Petition to Expand the Expansion of Ozone Transport Region

Relying in major part on air quality modeling data published in 2005, some, but not all, member states of the Northeast Ozone Transport Region have filed a petition with USEPA seeking to have 9 midwest and southern states included as part of the region.  While the petition invokes Section 176A of the Clean Air Act as its legal authority, that provision on its face is applicable to situations in which one or more upwind states “contributes significantly” to a violation of an air quality standard in a downwind state. 

Putting aside for the moment the appropriateness of using 2005 data to characterize the current air quality in the region, the filing of the petition at a time when USEPA is actively engaged in the development of a new rule to address the interstate transportation of air pollutants, brings to mind a very similar circumstance that occurred some 15 year ago.  At that time, USEPA was in the process of developing the so-called “NOx SIP Call” to address interstate transport issues related to ozone nonattainment in the Northeast and to assure that upwind states did not significantly contribute to downwind states.  Then, as now, several of the Northeast states filed petitions seeking a ruling by USEPA that power plants in upwind states should be subject to additional controls.  While those petition were filed under Section 126 of the Clean Air Act, the same “significant contribution” test is applicable to petitions under §126 as if applicable to petitions under §176A.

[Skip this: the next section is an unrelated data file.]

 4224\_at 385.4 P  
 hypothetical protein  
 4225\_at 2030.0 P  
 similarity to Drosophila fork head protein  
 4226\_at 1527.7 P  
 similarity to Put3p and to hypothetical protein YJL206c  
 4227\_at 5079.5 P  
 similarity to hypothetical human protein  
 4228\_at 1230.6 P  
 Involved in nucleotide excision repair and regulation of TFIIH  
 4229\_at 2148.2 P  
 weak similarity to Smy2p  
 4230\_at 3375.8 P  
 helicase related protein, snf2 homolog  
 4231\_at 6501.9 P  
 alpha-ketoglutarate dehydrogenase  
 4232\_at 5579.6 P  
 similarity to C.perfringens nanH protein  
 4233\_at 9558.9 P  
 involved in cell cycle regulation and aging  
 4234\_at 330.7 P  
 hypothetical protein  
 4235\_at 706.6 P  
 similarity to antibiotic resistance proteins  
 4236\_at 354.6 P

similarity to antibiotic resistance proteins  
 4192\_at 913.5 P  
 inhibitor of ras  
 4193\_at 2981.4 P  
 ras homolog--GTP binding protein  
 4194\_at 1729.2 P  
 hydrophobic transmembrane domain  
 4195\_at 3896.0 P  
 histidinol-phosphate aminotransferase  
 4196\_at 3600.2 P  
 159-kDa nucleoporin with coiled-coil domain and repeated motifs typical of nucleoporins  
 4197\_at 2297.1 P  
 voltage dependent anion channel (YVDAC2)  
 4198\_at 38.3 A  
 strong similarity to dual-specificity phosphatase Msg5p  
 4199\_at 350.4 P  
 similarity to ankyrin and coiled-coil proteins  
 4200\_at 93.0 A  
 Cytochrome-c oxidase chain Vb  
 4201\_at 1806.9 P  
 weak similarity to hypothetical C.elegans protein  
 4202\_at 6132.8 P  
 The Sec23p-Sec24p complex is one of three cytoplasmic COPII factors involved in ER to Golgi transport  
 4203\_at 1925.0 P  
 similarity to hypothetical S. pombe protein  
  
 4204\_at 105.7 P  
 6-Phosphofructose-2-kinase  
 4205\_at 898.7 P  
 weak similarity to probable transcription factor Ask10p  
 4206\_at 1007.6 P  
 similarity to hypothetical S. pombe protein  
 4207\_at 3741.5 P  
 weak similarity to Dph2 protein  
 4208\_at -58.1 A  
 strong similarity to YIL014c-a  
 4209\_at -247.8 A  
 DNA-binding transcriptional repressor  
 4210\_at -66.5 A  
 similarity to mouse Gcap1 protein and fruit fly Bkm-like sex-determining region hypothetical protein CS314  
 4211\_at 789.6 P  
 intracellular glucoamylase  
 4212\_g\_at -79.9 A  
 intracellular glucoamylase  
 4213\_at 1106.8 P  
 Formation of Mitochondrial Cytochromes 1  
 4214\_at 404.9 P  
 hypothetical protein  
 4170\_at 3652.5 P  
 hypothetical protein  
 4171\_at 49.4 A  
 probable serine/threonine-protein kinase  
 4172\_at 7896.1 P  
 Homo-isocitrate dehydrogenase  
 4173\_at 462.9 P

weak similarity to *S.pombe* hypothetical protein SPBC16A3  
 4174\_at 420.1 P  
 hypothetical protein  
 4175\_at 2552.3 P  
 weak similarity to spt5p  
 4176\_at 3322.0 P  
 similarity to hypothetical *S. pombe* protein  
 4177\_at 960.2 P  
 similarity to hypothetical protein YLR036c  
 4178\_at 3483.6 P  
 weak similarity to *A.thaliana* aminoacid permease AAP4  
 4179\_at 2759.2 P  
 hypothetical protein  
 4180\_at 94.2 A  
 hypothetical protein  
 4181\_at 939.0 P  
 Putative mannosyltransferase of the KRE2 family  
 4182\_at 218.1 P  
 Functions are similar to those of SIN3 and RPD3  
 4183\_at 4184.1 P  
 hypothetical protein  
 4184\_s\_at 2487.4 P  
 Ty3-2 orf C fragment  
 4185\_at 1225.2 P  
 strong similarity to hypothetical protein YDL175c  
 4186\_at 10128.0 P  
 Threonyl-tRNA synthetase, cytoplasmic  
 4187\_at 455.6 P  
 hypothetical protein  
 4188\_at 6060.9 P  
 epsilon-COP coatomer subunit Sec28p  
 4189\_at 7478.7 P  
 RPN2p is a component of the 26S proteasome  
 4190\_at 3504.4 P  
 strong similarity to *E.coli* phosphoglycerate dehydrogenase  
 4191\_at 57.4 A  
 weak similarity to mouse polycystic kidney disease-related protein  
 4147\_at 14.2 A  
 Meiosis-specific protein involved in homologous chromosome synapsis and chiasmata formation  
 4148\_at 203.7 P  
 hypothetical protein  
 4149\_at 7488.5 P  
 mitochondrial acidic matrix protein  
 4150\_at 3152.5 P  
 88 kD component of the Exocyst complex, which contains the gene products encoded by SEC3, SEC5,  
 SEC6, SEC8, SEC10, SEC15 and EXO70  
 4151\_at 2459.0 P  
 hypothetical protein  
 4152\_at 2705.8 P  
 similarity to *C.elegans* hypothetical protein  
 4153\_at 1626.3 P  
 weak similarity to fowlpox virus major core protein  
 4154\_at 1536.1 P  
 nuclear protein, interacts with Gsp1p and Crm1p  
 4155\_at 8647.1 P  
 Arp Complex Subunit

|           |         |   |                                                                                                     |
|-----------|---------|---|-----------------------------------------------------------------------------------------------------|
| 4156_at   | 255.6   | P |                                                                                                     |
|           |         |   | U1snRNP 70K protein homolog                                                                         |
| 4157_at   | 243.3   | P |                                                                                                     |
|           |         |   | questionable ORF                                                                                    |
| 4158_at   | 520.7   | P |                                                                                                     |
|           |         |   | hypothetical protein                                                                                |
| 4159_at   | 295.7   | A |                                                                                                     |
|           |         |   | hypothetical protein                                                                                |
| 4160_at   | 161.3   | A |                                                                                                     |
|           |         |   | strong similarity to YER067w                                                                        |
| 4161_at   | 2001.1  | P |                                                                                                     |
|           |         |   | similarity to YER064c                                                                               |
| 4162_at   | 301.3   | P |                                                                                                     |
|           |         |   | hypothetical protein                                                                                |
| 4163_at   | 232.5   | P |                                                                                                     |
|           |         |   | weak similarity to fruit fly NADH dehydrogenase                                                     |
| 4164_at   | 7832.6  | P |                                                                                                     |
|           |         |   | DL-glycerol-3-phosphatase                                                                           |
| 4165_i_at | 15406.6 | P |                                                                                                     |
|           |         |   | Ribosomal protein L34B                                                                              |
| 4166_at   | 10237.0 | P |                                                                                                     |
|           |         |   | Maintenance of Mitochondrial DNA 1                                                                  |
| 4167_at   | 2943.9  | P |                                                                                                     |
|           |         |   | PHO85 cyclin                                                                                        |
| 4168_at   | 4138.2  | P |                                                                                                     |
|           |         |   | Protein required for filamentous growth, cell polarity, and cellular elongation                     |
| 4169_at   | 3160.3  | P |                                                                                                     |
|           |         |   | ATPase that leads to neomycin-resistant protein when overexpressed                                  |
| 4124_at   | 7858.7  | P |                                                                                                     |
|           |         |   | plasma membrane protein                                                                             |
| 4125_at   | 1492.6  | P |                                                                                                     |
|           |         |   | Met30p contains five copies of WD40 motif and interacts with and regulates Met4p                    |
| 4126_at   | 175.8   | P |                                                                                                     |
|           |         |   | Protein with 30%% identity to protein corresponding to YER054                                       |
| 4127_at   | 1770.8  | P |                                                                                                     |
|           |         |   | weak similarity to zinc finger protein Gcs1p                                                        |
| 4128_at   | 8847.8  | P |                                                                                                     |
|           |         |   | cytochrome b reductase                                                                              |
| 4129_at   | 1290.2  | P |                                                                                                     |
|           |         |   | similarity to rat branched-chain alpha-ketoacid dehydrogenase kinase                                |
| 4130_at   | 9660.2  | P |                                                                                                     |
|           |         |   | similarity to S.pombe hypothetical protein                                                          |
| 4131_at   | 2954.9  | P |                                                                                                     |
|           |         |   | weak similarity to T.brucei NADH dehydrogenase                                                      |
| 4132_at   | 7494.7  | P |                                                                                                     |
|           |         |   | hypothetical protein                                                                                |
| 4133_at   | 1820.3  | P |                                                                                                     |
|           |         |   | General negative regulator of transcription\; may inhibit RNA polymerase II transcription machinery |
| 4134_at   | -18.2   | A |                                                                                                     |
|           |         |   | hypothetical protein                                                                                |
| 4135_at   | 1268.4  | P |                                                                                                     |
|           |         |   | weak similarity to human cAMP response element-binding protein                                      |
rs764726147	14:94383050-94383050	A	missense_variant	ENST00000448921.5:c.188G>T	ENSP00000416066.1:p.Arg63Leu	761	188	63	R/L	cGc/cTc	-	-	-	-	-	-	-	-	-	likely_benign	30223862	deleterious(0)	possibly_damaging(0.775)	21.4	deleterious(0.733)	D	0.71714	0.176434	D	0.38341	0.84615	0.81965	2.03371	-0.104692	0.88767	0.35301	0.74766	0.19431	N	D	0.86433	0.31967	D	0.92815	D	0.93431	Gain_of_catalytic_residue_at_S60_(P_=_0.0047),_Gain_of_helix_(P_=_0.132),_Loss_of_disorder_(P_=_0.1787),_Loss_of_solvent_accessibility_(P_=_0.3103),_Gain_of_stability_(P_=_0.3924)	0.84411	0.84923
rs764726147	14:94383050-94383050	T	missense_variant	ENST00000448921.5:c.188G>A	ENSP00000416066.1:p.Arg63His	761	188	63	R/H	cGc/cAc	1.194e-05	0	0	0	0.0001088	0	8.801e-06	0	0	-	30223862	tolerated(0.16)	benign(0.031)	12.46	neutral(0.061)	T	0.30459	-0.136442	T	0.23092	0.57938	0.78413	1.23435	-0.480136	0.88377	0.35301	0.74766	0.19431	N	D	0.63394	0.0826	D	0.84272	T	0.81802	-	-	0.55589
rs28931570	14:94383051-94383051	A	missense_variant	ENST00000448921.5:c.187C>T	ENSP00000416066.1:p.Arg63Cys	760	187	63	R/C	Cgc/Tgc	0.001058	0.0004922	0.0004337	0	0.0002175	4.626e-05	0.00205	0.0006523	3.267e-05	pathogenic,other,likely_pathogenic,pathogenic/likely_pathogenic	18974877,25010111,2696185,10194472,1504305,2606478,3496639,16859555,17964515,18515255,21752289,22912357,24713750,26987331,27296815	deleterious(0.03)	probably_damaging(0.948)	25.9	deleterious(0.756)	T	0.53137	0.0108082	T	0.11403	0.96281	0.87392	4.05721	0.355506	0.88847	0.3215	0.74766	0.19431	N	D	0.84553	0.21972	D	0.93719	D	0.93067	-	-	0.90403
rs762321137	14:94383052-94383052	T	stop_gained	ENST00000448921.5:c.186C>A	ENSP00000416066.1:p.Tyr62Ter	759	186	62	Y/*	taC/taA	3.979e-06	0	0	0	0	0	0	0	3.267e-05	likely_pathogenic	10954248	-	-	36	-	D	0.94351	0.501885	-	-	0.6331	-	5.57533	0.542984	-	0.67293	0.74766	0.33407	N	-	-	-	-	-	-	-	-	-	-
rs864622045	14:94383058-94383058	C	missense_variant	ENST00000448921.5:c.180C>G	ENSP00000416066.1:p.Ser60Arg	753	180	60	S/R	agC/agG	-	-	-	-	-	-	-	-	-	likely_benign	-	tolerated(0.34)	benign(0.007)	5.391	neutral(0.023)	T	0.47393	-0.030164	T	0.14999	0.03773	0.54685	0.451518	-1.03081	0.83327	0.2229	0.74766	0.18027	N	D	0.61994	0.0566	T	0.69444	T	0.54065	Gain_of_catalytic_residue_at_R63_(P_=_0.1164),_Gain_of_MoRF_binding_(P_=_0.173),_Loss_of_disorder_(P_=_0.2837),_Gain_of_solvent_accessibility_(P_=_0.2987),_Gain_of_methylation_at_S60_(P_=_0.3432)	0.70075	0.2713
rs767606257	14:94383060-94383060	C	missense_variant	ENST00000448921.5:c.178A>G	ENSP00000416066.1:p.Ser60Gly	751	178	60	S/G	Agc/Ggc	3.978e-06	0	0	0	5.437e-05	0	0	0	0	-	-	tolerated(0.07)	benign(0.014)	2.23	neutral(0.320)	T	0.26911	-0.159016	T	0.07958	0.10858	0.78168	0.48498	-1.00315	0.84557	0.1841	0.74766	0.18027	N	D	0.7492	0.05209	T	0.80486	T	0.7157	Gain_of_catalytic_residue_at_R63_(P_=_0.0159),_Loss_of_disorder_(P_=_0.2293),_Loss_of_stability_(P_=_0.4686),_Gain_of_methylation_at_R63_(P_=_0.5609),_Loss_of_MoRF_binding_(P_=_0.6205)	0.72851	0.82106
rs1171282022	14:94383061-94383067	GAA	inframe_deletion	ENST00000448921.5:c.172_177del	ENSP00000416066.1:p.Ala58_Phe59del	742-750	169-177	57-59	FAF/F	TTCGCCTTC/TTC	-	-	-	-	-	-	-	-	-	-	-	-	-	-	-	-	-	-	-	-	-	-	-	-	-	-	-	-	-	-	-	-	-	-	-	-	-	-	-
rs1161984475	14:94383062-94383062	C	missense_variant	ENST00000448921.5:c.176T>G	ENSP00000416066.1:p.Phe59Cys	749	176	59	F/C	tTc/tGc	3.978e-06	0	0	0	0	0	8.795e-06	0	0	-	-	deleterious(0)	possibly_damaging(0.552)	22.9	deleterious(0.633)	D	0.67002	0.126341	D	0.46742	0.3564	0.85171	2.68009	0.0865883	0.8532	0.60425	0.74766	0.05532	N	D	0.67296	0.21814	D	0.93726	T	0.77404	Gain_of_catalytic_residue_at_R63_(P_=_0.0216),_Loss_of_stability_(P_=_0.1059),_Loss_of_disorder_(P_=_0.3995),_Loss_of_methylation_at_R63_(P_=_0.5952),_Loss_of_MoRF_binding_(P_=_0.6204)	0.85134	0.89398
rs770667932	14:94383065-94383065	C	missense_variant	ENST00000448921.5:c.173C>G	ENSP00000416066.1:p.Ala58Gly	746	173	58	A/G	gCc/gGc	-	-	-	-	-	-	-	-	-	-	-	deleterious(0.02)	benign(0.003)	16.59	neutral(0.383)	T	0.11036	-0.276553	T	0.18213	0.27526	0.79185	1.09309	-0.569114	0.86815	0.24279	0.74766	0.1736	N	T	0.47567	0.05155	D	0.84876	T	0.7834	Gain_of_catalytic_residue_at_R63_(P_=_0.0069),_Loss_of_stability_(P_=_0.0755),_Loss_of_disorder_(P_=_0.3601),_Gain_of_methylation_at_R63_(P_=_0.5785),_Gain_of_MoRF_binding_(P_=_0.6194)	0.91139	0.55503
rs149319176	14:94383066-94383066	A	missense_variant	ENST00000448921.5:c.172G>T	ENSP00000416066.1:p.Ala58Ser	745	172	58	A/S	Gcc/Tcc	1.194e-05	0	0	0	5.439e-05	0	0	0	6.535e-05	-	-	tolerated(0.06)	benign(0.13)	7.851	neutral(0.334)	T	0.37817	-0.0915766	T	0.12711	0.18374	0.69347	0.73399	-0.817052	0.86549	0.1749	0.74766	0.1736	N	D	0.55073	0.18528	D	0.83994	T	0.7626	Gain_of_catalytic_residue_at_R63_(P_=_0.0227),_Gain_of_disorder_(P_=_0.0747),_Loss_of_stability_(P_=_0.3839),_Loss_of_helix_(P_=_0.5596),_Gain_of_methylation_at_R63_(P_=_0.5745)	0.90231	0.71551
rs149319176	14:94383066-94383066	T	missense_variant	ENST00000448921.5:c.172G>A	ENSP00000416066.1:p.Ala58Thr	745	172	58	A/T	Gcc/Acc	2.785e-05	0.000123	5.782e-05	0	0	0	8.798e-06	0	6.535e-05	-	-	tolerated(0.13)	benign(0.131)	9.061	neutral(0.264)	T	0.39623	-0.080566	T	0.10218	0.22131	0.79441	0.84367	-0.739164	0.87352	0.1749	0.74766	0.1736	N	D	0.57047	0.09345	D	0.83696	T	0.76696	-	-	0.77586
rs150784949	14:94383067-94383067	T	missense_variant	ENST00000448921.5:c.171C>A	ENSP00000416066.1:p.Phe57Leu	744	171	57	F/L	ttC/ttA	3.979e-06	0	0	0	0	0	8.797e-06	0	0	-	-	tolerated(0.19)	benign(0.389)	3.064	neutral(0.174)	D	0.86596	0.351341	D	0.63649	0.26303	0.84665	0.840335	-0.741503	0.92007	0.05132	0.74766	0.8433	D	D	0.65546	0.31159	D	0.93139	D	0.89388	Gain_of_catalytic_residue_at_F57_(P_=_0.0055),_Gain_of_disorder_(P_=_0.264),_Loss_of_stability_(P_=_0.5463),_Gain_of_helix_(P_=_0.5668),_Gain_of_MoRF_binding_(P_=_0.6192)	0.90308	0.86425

In the case of both petitions, it is clear that the motivation for the petitions is as much economic as it is environmental.  The recent §176A Petition was transmitted to USEPA under cover of letter which in its first paragraph states the result of the expansion of the region will be “a level economic playing field”.  By comparison, the August 14, 1997 press release by the then Governor of Connecticut in support of the §126 petition also made it clear that the filing of that petition was to achieve “a level playing field”.

It was correspondence to the Governor of Maine from his environmental Commissioner, dated July 31, 1997, that disclosed that the coordinated activities of the Northeast states at that time was intended to give USEPA “political cover” in developing control requirements under the NOx SIP Call.

Time will tell whether the §176A petition is intended to provide political cover for USEPA as it develops its next transport rule.

David Flannery has focused his practice in the areas of environmental and energy law. Ranked as one of the leading lawyers in America in these areas, Flannery is a member of the American College of Environmental Lawyers and a Commissioner to the Ohio River Valley Water Sanitation Commission (ORSANCO).
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